A Most Violent Year (2014)

J.C. CHANDOR

Bil’s rating (out of 5):  BBBBB.  USA, 2014.  , , , , , .  Screenplay by J.C. Chandor.   Cinematography by .  Produced by J.C. Chandor, , .  Music by .  Production Design by .  Costume Design by .  Film Editing by .  Golden Globe Awards 2014.  Gotham Awards 2014.  Independent Spirit Awards 2014.  

Jessica Chastain and Oscar Isaac in A Most Violent Year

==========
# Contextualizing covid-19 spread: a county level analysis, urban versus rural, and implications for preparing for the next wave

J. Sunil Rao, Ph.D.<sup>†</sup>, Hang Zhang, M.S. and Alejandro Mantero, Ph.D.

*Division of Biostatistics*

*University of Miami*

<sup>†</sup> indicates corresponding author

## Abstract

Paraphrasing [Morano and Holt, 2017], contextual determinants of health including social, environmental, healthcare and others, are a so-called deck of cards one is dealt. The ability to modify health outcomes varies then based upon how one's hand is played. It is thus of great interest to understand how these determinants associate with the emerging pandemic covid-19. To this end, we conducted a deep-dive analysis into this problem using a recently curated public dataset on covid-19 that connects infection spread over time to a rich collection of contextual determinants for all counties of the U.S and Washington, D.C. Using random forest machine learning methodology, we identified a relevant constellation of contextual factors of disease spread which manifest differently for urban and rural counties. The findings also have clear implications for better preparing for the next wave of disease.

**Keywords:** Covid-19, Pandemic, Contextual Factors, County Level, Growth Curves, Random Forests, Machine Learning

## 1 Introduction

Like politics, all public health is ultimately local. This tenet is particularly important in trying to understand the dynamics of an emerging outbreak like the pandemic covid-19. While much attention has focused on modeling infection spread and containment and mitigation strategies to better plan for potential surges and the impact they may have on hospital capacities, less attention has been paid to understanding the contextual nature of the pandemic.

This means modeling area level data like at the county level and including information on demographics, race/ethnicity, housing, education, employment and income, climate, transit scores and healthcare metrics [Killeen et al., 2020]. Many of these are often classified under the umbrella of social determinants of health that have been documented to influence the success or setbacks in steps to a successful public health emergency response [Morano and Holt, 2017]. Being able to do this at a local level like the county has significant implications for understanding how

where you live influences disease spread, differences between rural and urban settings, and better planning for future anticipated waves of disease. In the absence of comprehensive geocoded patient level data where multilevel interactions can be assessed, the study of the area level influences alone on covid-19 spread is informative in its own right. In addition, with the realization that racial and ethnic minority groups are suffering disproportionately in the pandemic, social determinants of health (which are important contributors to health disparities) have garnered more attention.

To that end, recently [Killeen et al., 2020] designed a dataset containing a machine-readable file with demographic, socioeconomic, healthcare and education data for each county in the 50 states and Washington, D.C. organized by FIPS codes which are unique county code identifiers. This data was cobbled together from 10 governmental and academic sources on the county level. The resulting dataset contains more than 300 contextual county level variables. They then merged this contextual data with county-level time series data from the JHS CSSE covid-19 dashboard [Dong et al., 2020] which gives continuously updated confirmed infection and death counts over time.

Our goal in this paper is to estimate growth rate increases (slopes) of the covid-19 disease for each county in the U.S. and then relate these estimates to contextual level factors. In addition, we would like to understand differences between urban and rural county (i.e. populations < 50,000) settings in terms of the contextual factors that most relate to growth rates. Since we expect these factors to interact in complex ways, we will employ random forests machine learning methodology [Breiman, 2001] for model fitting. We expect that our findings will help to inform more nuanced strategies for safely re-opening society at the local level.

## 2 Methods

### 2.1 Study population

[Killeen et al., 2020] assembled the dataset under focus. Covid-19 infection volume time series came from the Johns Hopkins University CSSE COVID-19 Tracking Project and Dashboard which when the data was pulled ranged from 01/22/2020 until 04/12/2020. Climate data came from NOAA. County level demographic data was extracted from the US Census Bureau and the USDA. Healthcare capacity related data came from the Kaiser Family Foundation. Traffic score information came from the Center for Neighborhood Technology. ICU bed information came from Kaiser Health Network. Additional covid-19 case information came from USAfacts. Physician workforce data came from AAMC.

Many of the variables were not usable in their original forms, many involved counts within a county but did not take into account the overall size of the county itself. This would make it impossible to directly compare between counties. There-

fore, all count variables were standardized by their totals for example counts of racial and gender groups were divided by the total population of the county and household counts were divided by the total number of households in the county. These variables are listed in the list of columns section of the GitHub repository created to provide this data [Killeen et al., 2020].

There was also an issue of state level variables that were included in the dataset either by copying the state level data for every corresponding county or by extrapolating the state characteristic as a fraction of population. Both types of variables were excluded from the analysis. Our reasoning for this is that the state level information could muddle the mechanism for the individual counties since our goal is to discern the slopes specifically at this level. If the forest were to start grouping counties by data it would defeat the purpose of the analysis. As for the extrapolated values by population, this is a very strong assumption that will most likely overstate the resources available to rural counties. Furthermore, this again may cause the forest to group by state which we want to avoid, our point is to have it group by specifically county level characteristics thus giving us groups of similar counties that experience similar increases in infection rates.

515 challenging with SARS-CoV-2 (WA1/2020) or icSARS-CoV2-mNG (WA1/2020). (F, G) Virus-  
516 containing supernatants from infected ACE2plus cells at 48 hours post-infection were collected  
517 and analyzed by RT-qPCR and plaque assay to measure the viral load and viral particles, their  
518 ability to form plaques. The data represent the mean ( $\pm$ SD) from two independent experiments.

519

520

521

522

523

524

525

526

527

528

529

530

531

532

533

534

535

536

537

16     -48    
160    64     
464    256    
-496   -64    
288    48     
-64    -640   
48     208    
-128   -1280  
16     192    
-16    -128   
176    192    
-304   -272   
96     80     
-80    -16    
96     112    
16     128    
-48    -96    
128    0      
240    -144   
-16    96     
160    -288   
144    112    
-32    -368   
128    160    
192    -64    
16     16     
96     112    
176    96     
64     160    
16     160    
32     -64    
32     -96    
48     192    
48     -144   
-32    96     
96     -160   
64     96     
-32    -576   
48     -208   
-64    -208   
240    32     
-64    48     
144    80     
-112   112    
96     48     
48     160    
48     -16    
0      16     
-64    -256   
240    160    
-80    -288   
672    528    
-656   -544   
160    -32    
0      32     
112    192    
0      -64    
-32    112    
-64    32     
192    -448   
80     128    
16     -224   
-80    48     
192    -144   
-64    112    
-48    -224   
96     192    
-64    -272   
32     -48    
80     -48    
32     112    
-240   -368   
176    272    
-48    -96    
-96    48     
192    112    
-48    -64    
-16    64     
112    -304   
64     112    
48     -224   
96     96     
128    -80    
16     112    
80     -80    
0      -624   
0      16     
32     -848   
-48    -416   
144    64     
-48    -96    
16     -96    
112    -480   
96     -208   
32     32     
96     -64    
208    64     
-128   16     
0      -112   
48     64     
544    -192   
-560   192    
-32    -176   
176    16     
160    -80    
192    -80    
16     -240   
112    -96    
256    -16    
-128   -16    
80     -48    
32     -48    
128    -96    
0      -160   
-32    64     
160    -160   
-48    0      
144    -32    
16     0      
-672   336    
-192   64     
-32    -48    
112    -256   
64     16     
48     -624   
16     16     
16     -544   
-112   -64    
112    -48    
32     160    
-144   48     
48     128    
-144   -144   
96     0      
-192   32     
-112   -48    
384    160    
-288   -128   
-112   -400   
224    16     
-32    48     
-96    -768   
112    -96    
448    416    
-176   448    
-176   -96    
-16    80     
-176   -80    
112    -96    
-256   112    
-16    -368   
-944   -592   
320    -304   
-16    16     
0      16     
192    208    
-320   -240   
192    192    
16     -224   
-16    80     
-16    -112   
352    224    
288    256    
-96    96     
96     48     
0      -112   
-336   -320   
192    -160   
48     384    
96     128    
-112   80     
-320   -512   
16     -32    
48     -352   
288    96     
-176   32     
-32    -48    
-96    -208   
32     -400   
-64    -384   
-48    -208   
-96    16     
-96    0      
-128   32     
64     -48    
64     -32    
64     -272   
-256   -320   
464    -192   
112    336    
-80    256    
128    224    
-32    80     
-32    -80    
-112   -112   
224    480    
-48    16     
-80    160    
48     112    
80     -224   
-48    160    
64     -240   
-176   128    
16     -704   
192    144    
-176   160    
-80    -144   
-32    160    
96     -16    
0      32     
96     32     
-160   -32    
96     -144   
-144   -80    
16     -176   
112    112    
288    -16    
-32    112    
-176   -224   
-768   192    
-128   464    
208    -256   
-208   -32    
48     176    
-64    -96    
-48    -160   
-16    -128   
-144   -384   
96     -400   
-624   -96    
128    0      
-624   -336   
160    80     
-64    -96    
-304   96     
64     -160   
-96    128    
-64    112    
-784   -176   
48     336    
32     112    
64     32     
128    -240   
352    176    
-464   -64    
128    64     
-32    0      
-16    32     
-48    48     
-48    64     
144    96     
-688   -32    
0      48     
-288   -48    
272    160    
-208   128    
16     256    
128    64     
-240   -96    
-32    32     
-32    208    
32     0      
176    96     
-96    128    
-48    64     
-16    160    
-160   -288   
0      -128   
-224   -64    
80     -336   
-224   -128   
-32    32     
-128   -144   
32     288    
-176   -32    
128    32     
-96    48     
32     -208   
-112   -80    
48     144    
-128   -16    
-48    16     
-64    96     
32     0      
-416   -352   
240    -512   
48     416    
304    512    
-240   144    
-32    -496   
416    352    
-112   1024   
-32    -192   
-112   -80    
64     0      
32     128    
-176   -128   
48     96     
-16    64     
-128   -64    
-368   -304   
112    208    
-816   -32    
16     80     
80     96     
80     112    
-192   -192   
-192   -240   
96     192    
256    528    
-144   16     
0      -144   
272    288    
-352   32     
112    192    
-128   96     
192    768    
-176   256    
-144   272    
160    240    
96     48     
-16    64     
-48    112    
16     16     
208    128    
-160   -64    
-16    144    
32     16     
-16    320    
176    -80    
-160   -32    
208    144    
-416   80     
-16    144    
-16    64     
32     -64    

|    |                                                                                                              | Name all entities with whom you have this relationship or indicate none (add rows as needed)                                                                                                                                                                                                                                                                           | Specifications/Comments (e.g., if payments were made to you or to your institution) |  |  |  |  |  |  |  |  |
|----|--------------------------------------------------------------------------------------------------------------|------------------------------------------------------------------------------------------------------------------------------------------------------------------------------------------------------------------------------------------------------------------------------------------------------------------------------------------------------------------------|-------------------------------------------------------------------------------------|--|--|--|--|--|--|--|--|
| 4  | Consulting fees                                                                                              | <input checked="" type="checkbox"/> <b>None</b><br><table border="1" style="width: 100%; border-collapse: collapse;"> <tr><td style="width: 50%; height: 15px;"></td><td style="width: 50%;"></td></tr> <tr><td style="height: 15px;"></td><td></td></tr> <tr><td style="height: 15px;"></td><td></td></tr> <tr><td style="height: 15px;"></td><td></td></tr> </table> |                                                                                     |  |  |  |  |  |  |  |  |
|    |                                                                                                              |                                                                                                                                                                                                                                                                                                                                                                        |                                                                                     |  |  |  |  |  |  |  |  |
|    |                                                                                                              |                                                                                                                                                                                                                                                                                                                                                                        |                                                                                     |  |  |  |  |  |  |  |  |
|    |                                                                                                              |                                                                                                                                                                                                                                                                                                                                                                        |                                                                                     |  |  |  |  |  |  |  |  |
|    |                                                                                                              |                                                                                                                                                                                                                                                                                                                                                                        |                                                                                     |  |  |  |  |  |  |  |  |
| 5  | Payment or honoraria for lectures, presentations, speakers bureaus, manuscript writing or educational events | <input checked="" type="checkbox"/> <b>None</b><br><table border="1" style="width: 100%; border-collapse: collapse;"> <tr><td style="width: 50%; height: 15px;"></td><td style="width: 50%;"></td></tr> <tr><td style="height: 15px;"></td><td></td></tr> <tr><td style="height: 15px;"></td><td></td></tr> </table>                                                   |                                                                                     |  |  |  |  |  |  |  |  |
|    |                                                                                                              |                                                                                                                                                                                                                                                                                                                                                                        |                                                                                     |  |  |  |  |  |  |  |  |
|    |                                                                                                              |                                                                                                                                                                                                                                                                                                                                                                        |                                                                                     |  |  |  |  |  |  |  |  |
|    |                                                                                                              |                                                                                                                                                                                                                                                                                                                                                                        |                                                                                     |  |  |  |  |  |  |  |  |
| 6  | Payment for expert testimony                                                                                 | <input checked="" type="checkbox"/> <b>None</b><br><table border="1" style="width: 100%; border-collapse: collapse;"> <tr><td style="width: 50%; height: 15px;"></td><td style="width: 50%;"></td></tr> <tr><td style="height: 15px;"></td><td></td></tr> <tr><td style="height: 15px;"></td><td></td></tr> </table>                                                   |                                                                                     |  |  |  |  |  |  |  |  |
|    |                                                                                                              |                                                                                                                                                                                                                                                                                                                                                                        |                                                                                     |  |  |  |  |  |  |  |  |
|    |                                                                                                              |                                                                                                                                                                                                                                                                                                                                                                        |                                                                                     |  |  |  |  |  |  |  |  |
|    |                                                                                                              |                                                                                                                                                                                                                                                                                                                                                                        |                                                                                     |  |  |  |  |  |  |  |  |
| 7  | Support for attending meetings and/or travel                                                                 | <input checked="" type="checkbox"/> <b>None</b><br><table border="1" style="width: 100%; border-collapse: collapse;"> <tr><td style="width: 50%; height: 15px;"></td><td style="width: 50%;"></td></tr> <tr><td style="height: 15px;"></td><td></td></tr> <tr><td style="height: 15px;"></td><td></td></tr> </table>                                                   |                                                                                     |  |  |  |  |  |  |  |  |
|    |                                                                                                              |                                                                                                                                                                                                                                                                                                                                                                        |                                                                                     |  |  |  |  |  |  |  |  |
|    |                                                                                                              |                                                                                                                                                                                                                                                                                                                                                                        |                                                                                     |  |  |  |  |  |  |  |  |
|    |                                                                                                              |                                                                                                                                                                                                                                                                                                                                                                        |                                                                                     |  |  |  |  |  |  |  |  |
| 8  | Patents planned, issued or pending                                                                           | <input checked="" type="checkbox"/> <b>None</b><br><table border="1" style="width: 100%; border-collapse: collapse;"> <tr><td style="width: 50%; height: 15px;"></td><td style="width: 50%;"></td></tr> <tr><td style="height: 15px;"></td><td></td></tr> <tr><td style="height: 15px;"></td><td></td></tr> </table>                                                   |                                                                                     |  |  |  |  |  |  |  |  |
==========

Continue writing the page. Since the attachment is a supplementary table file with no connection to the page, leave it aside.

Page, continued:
New York City:  if you can make it there you can make it anywhere, and if you can get through 1981 when the rates of crime were at their highest ever in history, you’ve probably got an angel on your shoulder.  The darkness of the city’s corruption enfolds aspiring business tycoon Oscar Isaac as he looks to become the king of suppliers for heating oil in the Big Apple, but everything is closing in on him just as he is about to make the biggest leap forward in his career.  Having put a deposit on a property that will allow him lucrative expansion but also means risking everything, he is distressed that his drivers are being attacked by unknown rivals who steal his fuel, the government is investigating him for fraudulent dealings, his door to door employees are being attacked and armed men are showing up at his doorstep and frightening his wife (Jessica Chastain) and children.  Not that the lady in question is easily perturbed: right next to Isaac’s permanent, confident calm that masks an undercurrent of dread is Chastain as a tough and morally dubious woman who is equally devoted to their financial success but takes her role as protector to her children very seriously.  Isaac reassures all around him that he will have the money he needs to close the deal and will find out which of his competitors is behind the attacks, but what he wants most is to be a success without turning into a gangster.  When the photography resembles Gordon Willis in its deep shadowy recesses and ominously flush colours, however, is it possible to keep your head high and your hands clean?  Then again, is the greed that will mark the decade to follow that much more honourable than the violent brutality that preceded it?  J.C. Chandor’s smooth, essentially perfect thriller is a crime epic without a central criminal, as good as The Long Good Friday except that what at first appears to be the absence of a mafia is instead the creation of a new kind of organized crime.  Long, intelligent scenes of dialogue are broken up by sequences of such impeccable tension that they will have you jumping out of your seat (including a subtle car chase that is unforgettable), while the first-rate cast (which also includes Alessandro Nivola, David Oyelowo and Albert Brooks) is as notable as the exceptional recreation of the era in all its brown and orange glory.

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